Whether it’s Netil House in London Fields, or the Kensington Roof Gardens, there’s no denying that Roof Top Cinema knows how to throw a party. The vibe is crowd-pleasing cult classics like Casablanca and When Harry Met Sally, and for £25 you get dinner freshly grilled on the BBQ, a glass of Champagne, blankets, and breath-taking views across the capital thrown into the bargain.
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We love Real Gold’s Alibi bar on Kingsland High Street for its excellent DJs, left field music nights, and guaranteed good times, but did you know that the Dalston hangout is also a meeting place for cult-film fans? Every Monday, the venue is commandeered by Alibi Film Club, a free event where guests enjoy a classics and recent cult titles, like Dune and Scream.
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The place for true connoisseurs of the macabre, Gothique Film Society has been championing the artistic merits of horror films since 1967 — so you know you’re in terrifyingly safe hands. Obscure and rarely seen horror and fantasy films from the ‘30s to the ‘70s are on the menu and the crowd is devoted to their subject to the point of obsession (in the best possible sense). But our favourite fact about Gothique? Bob Monkhouse was once honorary president. Awesome doesn’t even cover it. Membership costs £17.50 per season, or £7 for a single show.
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The Electric Cinema
Possibly the ultimate date-night destination, Notting Hill’s Electric Cinema had a complete refit at the tail-end of last year and have installed double beds where the front row used to be. Couples are able to slip under cashmere throws with a glass of vino while they watch — or not — what's on the screen. Oh, and the foyer now hosts Electric Donuts, serving hot donuts and coffee.
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Photo courtesy of Electric Cinema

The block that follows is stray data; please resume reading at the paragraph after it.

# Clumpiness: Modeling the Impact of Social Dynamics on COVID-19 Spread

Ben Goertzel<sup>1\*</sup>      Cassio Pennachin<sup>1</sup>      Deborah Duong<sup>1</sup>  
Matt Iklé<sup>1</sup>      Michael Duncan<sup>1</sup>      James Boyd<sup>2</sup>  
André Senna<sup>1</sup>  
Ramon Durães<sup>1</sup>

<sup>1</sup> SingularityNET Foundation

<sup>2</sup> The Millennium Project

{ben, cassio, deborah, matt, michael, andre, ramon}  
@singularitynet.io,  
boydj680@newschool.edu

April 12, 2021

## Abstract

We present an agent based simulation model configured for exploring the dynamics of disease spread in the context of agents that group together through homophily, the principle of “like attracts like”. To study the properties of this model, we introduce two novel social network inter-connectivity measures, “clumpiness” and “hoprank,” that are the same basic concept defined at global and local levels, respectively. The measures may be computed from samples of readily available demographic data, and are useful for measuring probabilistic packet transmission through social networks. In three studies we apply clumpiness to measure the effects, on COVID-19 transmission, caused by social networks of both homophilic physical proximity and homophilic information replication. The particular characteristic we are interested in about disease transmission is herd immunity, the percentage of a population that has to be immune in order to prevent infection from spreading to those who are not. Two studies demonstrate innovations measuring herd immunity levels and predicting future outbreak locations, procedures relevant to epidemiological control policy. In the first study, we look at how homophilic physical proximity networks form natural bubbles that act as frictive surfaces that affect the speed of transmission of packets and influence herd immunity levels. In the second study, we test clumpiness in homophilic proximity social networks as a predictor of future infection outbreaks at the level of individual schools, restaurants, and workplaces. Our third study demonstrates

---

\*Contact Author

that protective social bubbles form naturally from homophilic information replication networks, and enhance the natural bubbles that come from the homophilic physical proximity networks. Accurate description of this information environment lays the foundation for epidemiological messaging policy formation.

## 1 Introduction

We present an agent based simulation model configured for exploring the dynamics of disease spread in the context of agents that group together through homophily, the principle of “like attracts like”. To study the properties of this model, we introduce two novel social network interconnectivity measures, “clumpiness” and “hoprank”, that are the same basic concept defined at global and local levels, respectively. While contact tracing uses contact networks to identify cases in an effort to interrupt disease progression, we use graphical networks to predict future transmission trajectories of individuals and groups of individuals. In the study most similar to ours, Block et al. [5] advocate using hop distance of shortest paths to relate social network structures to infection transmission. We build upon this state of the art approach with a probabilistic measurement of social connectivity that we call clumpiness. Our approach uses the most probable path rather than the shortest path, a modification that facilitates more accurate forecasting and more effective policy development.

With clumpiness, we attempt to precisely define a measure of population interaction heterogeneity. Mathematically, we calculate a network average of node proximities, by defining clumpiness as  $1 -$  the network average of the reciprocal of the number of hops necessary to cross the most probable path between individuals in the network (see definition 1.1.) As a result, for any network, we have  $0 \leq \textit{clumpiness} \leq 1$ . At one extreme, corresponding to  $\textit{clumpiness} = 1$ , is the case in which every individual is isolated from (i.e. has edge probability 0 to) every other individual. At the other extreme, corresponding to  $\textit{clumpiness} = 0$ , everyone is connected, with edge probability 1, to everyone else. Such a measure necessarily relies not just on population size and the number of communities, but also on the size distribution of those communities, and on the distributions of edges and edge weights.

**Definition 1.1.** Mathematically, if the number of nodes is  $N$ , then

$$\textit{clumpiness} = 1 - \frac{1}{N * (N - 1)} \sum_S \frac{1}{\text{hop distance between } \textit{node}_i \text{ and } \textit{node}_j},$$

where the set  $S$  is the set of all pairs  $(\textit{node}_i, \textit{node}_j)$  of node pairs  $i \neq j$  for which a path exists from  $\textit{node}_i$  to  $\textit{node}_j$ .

This is a five-star dinner-and-movie experience. Eat at the Soho Hotel’s Refuel restaurant and then kick back in front of the blockbuster-tastic film of the week, in the super-plush and intimate surroundings of the hotel’s cinema, resplendent with cowhide seating. A three-course lunch, dinner, or afternoon tea along with the film costs £35 per person. Screenings start at 3.30 p.m.
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Okay, so it’s not the big secret that it once was, but there is no denying that these guys’ immersive cinema experiences are taken to a new level with every outing. Take Secret Cinema’s Shawshank Remdemption spectacular, which sees paying guests sentenced, carted off in 1930s buses, issued scratchy prison uniforms, and locked in cells, bullied by seasoned cons and sold contraband whisky by fellow inmates. Some might argue that this kind of attention to detail makes the film itself an optional extra, but we think Secret’s imaginative approach to cinema-going offers the ultimate immersion in a fictional world, which is, after all, the point of watching a film in the first place. Tickets cost £43.50, but believe us, it’s worth every penny.
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KinoKulture at the Horse Hospital